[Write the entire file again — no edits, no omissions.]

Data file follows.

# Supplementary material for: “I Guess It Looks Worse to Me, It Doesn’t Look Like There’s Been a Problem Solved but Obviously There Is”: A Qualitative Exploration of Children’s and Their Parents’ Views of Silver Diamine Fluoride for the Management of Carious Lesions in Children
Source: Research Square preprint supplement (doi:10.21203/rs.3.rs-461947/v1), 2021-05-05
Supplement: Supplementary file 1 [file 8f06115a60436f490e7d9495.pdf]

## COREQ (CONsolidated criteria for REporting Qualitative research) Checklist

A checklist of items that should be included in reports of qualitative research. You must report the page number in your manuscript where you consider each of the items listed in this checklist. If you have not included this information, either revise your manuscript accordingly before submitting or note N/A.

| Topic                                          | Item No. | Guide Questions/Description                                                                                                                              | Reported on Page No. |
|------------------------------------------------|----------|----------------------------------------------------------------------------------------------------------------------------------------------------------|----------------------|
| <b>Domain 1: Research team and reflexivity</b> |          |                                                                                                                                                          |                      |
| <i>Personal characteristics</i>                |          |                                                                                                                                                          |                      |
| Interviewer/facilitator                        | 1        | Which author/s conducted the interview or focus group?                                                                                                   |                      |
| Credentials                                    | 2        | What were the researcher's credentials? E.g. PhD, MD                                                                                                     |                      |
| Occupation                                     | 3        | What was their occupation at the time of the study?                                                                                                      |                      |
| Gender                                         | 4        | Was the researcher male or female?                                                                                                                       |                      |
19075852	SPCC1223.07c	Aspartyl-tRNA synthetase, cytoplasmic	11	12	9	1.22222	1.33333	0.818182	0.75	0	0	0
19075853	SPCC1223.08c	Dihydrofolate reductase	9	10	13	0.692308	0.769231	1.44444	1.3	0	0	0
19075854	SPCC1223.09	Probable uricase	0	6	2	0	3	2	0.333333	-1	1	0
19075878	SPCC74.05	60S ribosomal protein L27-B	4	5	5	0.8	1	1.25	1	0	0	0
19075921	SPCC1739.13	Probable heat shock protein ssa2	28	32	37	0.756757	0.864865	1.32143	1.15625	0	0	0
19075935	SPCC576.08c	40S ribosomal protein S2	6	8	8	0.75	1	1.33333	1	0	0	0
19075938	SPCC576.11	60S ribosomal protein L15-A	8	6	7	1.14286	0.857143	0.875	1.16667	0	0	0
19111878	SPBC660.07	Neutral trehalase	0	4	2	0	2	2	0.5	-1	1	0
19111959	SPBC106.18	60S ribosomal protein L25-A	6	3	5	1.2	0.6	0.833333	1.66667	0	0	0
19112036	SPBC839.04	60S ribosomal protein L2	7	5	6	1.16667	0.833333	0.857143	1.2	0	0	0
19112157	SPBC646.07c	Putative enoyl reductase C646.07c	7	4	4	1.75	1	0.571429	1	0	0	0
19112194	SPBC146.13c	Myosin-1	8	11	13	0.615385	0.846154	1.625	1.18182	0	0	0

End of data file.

# Supplementary material for: “I Guess It Looks Worse to Me, It Doesn’t Look Like There’s Been a Problem Solved but Obviously There Is”: A Qualitative Exploration of Children’s and Their Parents’ Views of Silver Diamine Fluoride for the Management of Carious Lesions in Children
Source: Research Square preprint supplement (doi:10.21203/rs.3.rs-461947/v1), 2021-05-05
Supplement: Supplementary file 1 [file 8f06115a60436f490e7d9495.pdf]

## COREQ (CONsolidated criteria for REporting Qualitative research) Checklist

A checklist of items that should be included in reports of qualitative research. You must report the page number in your manuscript where you consider each of the items listed in this checklist. If you have not included this information, either revise your manuscript accordingly before submitting or note N/A.

| Topic                                          | Item No. | Guide Questions/Description                                                                                                                              | Reported on Page No. |
|------------------------------------------------|----------|----------------------------------------------------------------------------------------------------------------------------------------------------------|----------------------|
| <b>Domain 1: Research team and reflexivity</b> |          |                                                                                                                                                          |                      |
| <i>Personal characteristics</i>                |          |                                                                                                                                                          |                      |
| Interviewer/facilitator                        | 1        | Which author/s conducted the interview or focus group?                                                                                                   |                      |
| Credentials                                    | 2        | What were the researcher's credentials? E.g. PhD, MD                                                                                                     |                      |
| Occupation                                     | 3        | What was their occupation at the time of the study?                                                                                                      |                      |
| Gender                                         | 4        | Was the researcher male or female?                                                                                                                       |                      |
19075852	SPCC1223.07c	Aspartyl-tRNA synthetase, cytoplasmic	11	12	9	1.22222	1.33333	0.818182	0.75	0	0	0
19075853	SPCC1223.08c	Dihydrofolate reductase	9	10	13	0.692308	0.769231	1.44444	1.3	0	0	0
19075854	SPCC1223.09	Probable uricase	0	6	2	0	3	2	0.333333	-1	1	0
19075878	SPCC74.05	60S ribosomal protein L27-B	4	5	5	0.8	1	1.25	1	0	0	0
19075921	SPCC1739.13	Probable heat shock protein ssa2	28	32	37	0.756757	0.864865	1.32143	1.15625	0	0	0
19075935	SPCC576.08c	40S ribosomal protein S2	6	8	8	0.75	1	1.33333	1	0	0	0
19075938	SPCC576.11	60S ribosomal protein L15-A	8	6	7	1.14286	0.857143	0.875	1.16667	0	0	0
19111878	SPBC660.07	Neutral trehalase	0	4	2	0	2	2	0.5	-1	1	0
19111959	SPBC106.18	60S ribosomal protein L25-A	6	3	5	1.2	0.6	0.833333	1.66667	0	0	0
19112036	SPBC839.04	60S ribosomal protein L2	7	5	6	1.16667	0.833333	0.857143	1.2	0	0	0
19112157	SPBC646.07c	Putative enoyl reductase C646.07c	7	4	4	1.75	1	0.571429	1	0	0	0
19112194	SPBC146.13c	Myosin-1	8	11	13	0.615385	0.846154	1.625	1.18182	0	0	0